128GB BDXL Blu-ray - Extra Large, Extra Incompatible
On Friday the Blu-ray Disc Association (BDA) announced the finalization and release of the specifications for BDXL, the new multi-layer recordable Blu-ray Disc format with up to 128GB of capacity. Rather than a new movie format, it is targeting commercial segments such as broadcasting, medical and document imaging enterprises with significant archival needs. BDXL will be offered as write-once and rewritable 100GB (triple-layer) discs, and write-once 128GB (quadruple-layer) discs.
On the consumer side, applications include the capture and playback of HD broadcast and satellite programming. That's only really applicable, however, in markets (like Asia) where set-top recorders are more common.
Of course it's completely incompatible with existing players. That's right, the new BDXL specification is going to require new hardware to play back or record BDXL media. Earlier this year Sharp Corp developed a blue-violet semiconductor laser for Blu-ray Disc (BD) recorders whose optical output is as high as 500mW under pulsed operation. It has an oscillation wavelength of 405nm and a capability of writing at 8x speed on triple- and quadruple-layer Blu-ray discs. The company already started volume production of a blue-violet semiconductor laser with a 320mW pulsed output about a year ago.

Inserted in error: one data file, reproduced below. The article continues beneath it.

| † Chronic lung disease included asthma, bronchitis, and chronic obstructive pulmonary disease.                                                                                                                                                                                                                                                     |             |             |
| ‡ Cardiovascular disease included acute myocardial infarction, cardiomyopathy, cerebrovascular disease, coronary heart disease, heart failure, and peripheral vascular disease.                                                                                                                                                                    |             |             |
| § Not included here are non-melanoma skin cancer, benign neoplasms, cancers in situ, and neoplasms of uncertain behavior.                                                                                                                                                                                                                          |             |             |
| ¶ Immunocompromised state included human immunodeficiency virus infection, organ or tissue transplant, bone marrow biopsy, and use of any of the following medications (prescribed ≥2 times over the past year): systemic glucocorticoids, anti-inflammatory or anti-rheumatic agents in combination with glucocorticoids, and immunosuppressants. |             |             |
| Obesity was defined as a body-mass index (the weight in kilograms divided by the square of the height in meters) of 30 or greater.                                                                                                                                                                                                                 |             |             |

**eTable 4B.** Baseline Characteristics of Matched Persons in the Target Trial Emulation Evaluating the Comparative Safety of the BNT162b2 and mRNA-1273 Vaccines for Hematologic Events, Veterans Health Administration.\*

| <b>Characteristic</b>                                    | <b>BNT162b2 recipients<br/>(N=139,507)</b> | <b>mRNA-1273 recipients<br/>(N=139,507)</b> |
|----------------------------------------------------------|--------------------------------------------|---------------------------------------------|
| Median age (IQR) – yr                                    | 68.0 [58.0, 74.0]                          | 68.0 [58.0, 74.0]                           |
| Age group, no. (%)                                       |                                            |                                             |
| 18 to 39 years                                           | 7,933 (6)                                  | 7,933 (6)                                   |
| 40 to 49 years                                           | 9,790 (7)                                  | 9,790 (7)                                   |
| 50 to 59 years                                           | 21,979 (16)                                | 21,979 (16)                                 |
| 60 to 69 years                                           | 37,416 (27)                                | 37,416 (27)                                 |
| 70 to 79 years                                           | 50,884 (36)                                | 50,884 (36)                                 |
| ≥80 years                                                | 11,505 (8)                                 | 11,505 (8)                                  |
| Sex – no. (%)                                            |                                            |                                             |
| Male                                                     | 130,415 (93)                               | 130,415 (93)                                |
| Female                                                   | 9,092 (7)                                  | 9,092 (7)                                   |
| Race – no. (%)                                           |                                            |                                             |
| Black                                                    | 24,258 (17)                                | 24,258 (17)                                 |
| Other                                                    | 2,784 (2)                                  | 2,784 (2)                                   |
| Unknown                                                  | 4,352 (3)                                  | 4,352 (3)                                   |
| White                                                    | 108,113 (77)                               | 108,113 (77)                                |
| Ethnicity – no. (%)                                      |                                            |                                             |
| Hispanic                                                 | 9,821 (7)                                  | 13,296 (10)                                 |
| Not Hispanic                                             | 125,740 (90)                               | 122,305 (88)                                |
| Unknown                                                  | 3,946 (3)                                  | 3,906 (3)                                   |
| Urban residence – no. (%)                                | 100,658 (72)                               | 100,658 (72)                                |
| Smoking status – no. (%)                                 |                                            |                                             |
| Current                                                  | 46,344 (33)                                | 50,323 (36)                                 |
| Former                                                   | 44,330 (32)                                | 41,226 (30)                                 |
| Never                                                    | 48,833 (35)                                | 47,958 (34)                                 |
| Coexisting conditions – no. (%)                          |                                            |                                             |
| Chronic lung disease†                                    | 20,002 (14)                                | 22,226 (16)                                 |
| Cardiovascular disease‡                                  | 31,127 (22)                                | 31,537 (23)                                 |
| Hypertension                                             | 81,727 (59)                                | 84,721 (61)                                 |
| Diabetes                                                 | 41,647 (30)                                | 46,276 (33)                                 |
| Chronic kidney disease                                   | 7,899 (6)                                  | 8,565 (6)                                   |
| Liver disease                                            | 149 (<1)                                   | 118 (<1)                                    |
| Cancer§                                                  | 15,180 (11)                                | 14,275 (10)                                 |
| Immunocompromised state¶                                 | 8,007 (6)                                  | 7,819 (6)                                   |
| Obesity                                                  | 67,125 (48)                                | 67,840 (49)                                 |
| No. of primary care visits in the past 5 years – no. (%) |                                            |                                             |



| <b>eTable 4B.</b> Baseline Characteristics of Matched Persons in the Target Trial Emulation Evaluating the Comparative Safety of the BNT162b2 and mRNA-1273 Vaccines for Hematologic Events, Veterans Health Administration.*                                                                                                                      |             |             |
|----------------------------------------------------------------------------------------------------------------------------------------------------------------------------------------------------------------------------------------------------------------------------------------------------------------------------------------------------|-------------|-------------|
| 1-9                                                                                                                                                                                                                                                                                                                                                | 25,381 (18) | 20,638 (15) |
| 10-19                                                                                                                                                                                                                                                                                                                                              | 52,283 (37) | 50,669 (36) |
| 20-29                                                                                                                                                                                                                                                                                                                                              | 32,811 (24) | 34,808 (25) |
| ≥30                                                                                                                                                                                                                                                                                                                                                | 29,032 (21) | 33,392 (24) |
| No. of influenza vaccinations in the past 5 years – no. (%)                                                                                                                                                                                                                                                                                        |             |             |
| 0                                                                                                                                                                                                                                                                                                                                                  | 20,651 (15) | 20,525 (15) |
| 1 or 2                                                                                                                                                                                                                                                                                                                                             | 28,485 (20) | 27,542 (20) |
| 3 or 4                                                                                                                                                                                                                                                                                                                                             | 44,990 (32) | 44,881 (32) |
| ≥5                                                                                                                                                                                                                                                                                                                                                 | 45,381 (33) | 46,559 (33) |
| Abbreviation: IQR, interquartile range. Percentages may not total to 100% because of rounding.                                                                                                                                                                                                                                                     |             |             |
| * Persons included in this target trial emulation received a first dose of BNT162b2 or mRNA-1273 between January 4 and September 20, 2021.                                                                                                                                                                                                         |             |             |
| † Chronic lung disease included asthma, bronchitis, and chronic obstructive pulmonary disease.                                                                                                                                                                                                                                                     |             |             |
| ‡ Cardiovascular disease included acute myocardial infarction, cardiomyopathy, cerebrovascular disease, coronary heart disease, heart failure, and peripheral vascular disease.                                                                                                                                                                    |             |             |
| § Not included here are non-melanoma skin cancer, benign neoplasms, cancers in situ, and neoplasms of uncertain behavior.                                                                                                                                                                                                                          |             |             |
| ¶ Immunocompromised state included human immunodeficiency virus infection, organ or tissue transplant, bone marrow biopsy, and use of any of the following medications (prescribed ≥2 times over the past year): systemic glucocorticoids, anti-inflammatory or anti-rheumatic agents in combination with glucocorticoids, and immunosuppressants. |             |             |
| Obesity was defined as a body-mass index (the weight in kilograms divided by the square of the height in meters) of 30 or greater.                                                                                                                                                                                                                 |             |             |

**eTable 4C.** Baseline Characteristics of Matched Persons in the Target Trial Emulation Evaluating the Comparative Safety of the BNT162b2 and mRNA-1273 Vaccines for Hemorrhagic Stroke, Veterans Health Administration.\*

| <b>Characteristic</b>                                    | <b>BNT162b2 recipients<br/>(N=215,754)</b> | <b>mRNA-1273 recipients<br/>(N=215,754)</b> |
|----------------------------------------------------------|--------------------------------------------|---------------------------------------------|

The only saving grace is that, since the new media specifications are extensions of current Blu-ray Disc technologies, future BDXL capable recorders can at least be designed to play back existing 25GB and 50GB Blu-ray Disc formats.
What strikes us as odd is the reason for designing an optical or disc-based archival system at all. I mean, why not simply wait for solid state storage to increase and eliminate the need for fragile and unreliable (in our opinion) optical-based storage. With capacities at just 128GB, BDXL is hardly a boon for archival and in fact is trumped dramatically by existing hard drive storage solutions (even on a cost-per-gigabyte level). That leaves only space - and solid state is sure to trump that, including cost, within the next several years.
The completion and approval of the specification allows manufacturers to obtain licensing information and license applications needed to begin production of the high capacity write-once and rewritable discs and hardware.
We'd call this a non-starter, though we're sure there will be some hardware support. With how delicate we've seen optical media be in the past, there's no way I'd want to trust 128GB of critical info to am optical storage device anytime soon. As for home consumers, shaking up the current "standard" with a new format this early in the game also seems counter-productive, even for Asian and other markets that seem to jump all over new technology faster than we get it in the west.